Start making iOS 7 Icons with the App Icon Template 3.0

Not sure if you guys noticed, but Apple introduced a minor update to the look and feel of their upcoming mobile operating system last week. No? Well all controversy aside it looks like we’ve got a big job ahead of us, and obviously we need to have our tools in order! That’s why I’m glad to introduce the 3rd version of my App Icon Template, optimized and ready for iOS 7.

You can head right over to appicontemplate.com and download this thing if you’re impatient. If you want to know more about what’s new, superellipses and golden ratios, read on.


3point0Head on over to appicontemplate.com to download now

So whats new?

Other than a very different look, iOS 7 has some important icon changes in store for us. Here’s what’s new in this version:

★ Icons on the iPhone home screen have received a slight increase in size up from 114px and 57px to 120 px and 60px respectively
★ A new golden ratio grid has been introduced. (but so far people, including apple, seem to be taking it very casually)
★ A very bright new color scheme is included in the PSD
★ New iOS 7 app store and home screen preview generators
★ More flat
★ A new curved outline… Oh the elusive corner radius.

The hunt for the perfect curve

Arguably the largest change to our everyday working environment is the new icon corner radius. Gone is the old radii that we’ve all designed for in the past few years and here to stay is an entirely new and more complicated shape; The superellipse or, more precisely (and way cuter), the Squircle. Since the reveal there’s already been a dozen templates or so that have tried their hand at the new form and I have yet to see an exact representation. This is one of those things that seem very simple, but is actually quite hard to get exact. (until someone cracks it and we all laugh at how “easy” it was)

graphThe formula for the superellipse as proposed by Marc Edwards

The last few days I’ve been collaborating and discussing this very topic with some very talented people on twitter. Marc Edwards, Photoshop guru, has put forward the above formula as the exact mathematical proportions of the new shape. Unfortunately we’ve been less than successful at converting that formula into an exact and usable vector shape in illustrator and photoshop. This is partly because the fidelity of the curve isn’t good enough when converted into a working vector file. As you can tell from the below experiments the sheer amount of points is less than ideal and the curve simply doesn’t seem to hit the exact outline of the iOS 7 icons when superimposed.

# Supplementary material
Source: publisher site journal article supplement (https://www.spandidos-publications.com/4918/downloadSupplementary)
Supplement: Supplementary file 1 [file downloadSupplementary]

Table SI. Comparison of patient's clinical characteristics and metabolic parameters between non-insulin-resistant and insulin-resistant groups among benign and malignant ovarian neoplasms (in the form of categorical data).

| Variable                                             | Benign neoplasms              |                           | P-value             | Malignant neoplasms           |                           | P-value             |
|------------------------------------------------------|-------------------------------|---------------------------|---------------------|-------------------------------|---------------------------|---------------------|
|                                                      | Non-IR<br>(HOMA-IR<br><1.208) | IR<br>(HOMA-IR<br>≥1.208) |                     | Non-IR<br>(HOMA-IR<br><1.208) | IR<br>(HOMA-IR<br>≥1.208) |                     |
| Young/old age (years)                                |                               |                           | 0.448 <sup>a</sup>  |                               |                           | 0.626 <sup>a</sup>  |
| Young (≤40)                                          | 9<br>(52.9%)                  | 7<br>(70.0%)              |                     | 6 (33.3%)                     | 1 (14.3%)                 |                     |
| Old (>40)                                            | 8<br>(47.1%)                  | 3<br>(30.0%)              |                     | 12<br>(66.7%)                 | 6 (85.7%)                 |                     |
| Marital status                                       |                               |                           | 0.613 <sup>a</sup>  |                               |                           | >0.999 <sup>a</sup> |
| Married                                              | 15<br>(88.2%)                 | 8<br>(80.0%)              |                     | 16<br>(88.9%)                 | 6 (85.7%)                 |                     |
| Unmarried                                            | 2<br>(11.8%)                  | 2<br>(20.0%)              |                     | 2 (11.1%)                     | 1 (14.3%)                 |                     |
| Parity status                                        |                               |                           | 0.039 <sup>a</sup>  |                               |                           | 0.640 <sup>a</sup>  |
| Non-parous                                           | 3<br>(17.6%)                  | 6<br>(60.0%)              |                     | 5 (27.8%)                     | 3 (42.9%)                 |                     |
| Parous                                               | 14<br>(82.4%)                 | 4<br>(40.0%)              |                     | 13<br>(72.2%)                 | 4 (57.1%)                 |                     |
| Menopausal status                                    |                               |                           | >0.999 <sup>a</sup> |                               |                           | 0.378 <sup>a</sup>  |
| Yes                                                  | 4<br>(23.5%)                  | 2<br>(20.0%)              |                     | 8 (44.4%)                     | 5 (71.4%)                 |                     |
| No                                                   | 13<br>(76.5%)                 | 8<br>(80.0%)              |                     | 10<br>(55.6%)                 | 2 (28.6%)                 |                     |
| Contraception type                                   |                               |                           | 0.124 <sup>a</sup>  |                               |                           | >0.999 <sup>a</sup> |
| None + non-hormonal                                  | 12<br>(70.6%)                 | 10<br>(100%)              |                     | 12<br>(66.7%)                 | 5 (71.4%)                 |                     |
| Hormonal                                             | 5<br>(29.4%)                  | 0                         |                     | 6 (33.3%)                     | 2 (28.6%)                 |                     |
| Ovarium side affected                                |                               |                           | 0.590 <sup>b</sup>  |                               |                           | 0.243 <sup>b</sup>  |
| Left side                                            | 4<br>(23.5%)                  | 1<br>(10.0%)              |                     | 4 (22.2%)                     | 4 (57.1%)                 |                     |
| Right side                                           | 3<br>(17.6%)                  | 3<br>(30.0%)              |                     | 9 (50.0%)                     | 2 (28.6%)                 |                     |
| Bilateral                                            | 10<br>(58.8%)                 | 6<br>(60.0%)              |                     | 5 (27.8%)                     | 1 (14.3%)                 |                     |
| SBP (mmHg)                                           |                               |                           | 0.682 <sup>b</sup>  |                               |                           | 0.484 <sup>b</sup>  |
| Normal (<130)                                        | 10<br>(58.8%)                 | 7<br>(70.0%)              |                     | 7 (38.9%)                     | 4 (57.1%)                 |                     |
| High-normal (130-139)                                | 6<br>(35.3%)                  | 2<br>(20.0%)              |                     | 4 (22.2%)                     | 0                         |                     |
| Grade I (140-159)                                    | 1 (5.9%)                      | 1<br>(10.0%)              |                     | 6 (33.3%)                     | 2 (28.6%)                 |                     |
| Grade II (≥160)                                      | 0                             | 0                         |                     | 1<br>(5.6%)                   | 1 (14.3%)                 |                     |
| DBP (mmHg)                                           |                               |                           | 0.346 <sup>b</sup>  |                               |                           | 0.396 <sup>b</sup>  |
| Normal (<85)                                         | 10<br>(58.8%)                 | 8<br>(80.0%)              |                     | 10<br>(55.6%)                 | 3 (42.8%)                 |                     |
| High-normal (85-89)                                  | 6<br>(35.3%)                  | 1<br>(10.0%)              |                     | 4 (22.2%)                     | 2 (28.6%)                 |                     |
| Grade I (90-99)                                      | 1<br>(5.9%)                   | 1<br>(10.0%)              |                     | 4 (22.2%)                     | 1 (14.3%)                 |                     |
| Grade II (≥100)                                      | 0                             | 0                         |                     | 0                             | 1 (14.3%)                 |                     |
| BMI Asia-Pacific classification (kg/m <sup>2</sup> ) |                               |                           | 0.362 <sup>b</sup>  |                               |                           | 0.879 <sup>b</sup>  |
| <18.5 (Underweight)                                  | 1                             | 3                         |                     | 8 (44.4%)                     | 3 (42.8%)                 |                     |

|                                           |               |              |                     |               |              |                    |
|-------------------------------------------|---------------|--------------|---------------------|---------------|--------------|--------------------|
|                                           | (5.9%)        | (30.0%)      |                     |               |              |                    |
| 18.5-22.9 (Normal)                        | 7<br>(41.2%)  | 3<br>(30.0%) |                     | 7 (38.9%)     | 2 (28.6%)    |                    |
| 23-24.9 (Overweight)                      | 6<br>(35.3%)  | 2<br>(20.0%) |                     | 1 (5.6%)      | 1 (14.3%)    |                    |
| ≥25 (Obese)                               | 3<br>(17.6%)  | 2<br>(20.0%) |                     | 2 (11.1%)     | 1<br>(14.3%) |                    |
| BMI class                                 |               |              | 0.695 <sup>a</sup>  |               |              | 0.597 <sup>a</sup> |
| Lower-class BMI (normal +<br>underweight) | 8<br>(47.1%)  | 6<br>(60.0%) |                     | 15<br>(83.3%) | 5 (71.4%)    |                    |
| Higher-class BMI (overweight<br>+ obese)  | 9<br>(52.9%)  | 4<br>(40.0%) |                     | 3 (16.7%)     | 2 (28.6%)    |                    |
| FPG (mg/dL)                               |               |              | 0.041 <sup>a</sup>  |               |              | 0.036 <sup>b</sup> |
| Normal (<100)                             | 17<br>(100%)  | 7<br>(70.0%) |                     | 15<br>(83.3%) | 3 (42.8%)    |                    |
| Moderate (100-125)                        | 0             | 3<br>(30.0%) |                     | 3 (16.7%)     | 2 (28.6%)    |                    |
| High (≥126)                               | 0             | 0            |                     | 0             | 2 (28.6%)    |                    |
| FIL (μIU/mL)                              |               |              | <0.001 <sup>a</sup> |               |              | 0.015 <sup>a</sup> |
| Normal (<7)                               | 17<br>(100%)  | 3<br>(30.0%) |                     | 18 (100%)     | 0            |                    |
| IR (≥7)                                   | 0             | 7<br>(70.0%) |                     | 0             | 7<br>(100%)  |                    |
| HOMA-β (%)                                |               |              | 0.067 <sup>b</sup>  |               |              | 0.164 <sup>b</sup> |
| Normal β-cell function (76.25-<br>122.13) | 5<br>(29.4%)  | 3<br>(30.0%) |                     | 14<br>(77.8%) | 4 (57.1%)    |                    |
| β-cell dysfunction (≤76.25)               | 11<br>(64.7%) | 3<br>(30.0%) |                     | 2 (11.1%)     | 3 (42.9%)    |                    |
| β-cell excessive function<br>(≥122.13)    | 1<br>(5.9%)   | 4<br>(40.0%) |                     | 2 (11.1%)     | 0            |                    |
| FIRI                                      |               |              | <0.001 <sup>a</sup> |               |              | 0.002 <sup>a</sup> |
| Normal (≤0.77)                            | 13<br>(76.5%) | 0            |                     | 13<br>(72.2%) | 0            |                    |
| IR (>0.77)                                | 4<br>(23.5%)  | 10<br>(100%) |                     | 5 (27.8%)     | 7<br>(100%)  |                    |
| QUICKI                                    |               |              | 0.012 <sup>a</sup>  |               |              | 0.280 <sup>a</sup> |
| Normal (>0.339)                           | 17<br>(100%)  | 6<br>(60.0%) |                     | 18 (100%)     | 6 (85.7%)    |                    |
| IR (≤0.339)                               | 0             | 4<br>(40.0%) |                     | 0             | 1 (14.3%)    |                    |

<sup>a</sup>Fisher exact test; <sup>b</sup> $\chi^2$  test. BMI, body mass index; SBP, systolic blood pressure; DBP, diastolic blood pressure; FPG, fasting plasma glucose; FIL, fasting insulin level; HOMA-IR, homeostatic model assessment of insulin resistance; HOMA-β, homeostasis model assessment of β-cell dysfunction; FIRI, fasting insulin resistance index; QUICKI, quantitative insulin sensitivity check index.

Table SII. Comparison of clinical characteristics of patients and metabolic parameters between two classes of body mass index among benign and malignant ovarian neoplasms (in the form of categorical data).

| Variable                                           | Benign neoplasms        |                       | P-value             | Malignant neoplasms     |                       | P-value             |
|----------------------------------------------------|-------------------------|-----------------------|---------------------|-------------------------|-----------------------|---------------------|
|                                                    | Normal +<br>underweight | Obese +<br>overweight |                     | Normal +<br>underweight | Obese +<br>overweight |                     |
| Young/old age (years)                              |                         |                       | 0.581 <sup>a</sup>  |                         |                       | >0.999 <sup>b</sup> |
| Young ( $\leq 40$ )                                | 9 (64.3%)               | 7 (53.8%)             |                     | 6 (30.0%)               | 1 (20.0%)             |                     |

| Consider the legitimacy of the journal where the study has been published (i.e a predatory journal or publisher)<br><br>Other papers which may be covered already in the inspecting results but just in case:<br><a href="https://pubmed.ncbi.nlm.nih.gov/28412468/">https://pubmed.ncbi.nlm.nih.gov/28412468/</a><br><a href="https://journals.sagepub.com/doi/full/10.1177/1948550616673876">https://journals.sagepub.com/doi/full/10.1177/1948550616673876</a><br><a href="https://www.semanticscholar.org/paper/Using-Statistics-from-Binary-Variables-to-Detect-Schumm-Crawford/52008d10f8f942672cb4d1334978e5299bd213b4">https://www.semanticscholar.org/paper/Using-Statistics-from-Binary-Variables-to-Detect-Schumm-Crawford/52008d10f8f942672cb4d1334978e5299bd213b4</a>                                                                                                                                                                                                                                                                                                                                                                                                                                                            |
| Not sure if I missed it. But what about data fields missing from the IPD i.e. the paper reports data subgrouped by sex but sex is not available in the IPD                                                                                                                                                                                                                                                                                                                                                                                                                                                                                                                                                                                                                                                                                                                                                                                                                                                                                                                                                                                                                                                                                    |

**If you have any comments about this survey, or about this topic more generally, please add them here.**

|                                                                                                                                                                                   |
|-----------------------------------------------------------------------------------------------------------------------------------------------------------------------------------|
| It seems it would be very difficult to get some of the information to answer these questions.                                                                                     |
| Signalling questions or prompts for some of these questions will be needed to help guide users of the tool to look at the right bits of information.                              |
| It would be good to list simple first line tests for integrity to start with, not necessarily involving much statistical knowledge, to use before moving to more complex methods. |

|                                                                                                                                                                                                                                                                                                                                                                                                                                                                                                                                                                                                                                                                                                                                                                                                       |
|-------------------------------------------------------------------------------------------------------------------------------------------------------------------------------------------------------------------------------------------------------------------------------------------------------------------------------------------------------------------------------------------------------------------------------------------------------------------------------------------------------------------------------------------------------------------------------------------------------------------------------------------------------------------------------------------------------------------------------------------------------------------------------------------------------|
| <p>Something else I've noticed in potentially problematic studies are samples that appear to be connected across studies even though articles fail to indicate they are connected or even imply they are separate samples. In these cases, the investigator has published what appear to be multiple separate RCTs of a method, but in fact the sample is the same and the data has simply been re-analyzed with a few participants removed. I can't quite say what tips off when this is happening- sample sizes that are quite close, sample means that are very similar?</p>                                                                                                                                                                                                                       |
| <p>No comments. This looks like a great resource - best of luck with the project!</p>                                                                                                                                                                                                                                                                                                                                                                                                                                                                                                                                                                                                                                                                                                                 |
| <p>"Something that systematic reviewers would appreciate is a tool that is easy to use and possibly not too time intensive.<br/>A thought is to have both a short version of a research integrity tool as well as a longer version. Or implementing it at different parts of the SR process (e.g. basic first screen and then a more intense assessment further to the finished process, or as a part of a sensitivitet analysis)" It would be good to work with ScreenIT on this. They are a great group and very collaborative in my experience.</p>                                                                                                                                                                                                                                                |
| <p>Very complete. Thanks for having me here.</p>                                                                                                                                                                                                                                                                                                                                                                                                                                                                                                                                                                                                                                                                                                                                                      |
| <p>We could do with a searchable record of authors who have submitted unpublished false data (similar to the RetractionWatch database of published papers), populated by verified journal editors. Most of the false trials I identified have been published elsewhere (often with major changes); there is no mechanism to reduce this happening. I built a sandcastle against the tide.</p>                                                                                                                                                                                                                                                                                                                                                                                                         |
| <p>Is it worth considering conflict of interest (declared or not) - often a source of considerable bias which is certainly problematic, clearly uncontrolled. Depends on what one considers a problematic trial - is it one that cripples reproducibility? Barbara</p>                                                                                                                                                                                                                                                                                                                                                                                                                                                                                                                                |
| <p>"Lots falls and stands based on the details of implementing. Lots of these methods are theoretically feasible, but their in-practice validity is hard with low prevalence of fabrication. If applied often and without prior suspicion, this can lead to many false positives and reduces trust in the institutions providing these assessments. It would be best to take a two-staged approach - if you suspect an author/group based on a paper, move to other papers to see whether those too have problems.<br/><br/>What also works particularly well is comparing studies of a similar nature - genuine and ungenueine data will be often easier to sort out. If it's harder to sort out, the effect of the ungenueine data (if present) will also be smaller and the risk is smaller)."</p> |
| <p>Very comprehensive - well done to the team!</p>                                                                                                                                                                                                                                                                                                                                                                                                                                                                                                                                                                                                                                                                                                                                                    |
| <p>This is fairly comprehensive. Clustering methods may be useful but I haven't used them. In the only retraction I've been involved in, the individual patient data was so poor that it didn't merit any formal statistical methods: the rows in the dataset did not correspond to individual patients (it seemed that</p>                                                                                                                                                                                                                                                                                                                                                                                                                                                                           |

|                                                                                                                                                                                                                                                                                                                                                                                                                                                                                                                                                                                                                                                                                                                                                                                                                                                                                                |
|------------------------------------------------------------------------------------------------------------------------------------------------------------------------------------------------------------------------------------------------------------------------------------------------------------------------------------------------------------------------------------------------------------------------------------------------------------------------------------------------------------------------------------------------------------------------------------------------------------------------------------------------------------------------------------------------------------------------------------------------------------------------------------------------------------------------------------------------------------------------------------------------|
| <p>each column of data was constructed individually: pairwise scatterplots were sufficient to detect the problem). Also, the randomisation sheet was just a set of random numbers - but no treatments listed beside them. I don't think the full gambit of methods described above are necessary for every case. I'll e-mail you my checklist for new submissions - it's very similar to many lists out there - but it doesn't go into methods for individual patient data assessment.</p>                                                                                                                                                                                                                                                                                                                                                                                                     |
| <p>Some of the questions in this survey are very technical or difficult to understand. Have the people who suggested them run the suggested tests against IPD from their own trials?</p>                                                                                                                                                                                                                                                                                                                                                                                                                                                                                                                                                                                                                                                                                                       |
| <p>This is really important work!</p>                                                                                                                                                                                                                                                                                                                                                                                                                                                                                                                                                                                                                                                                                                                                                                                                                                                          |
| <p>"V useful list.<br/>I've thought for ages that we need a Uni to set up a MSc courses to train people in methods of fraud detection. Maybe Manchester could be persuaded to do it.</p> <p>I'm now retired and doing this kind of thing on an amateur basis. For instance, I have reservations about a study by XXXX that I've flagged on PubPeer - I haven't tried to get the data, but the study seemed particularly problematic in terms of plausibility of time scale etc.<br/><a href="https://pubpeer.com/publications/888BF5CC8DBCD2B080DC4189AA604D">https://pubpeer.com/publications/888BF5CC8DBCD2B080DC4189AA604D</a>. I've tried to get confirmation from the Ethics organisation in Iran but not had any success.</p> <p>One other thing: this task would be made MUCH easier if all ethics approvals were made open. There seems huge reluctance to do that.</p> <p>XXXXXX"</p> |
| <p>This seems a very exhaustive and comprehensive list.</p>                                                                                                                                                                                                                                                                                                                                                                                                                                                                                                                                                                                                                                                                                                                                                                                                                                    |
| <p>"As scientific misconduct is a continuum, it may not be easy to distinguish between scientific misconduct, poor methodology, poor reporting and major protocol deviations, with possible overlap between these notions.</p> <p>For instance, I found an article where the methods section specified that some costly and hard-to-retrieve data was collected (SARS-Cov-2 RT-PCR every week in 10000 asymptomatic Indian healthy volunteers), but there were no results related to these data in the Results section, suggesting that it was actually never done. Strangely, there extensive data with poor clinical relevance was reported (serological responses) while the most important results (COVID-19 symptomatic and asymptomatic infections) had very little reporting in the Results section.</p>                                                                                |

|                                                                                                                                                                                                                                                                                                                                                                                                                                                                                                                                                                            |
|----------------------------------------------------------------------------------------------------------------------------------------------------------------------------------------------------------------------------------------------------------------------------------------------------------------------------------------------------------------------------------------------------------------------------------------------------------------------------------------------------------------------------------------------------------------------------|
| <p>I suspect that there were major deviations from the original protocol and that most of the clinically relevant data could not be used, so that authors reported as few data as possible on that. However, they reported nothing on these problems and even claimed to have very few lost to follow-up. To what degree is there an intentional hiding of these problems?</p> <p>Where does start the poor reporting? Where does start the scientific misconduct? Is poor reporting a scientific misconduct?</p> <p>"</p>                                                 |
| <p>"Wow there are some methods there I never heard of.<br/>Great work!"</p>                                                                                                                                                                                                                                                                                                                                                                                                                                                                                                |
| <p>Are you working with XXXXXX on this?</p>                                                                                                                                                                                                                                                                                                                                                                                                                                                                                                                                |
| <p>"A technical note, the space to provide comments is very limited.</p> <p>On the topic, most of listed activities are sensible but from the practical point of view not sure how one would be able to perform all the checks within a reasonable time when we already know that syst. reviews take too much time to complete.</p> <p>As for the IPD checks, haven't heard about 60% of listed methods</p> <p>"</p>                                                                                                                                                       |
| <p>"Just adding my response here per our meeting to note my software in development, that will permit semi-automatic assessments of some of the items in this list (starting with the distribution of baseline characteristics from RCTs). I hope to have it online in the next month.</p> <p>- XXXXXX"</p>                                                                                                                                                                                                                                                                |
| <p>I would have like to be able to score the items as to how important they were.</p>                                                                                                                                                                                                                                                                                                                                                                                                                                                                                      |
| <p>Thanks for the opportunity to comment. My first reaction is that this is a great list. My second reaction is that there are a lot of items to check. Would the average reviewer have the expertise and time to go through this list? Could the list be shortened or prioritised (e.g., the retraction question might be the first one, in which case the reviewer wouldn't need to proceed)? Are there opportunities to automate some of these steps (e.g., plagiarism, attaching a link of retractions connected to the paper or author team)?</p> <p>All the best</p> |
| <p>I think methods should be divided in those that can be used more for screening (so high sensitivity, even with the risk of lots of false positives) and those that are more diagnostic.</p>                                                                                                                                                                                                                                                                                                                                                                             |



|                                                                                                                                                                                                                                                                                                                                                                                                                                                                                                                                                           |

experiments

A lot of people have been trying to crack this over the past week or so, from the mundane attempts using round rectangles to the more adventurous attempts at hand editing an SVG file. To my knowledge, the exact outline used in iOS 7 icons haven’t been reproduced yet. We’ve had some very very close approximations, but not an *exact* outline.

selection
Heres a selection of the templates that currently exists out there, look at that rainbow of variation. None of us have the right answer.

The golden ratio

A few people have been working on reverse engineering the new icon grid that was introduced with iOS 7 last week in the hopes that it would unveil some secrets. This grid is (supposedly) build on the golden ratio and people like Alexander Ustinov have put forward some of the more exact outlines based on this theory. After having tried my hand at every possible method out there I managed to build my own golden ratio grid that have yielded the most exact outline I’ve come across so far. This is the shape I’ve used for the App Icon Template 3.0.

mygrid
The golden ratio grid that I’m using for my shape

Now it’s important to say right up front, that this shape is an approximation. As you can tell from the below gif it’s a close fit, but no cigar. Everybody seem to have build different grid systems and ended up with variations on the curve. On top of that, our only way of measuring correctness is by superimposing our meticulously calculated shapes on top of screenshots and png masks found in iOS 7 to see where the shapes overlap. Not exactly the best way of verifying!

usingratio

It’s silly to think that something this simple (and vital for our design efforts) can be this hard to get exactly right. However, I feel the above shape is ‘close enough’ to be usable. If, or rather when, someone cracks this with an exact vector outline, I’ll obviously update the template. It might very well be that there’s a simple solution that we’ve just not found yet.

overlays
Graphic supplied by @marcedwards

Some of you are probably asking why all of this is important, seeing as Apple is the one rounding off the icons in the end. Well, having a solid and exact tool for creating icons have a very real world impact on what sort of designs we can create. If we have the exact rounded corner mask we’ll be able to create designs that utilize the edges of the icon. Essentially the more precise our guides are, the more control we have over the final result. Until the mathematically exact shape shows up, I hope you’ll find that the work put into this brings you close enough.

Head on over to appicontemplate.com to download the latest version of the app icon template. And be sure to let me know if you find any errors or have any suggestions for improvements. As always, have fun making icons!

UPDATE: The template has been updated to 3.1 with the new iPad sizes (76 & 152) and now uses Marc Edwards outline.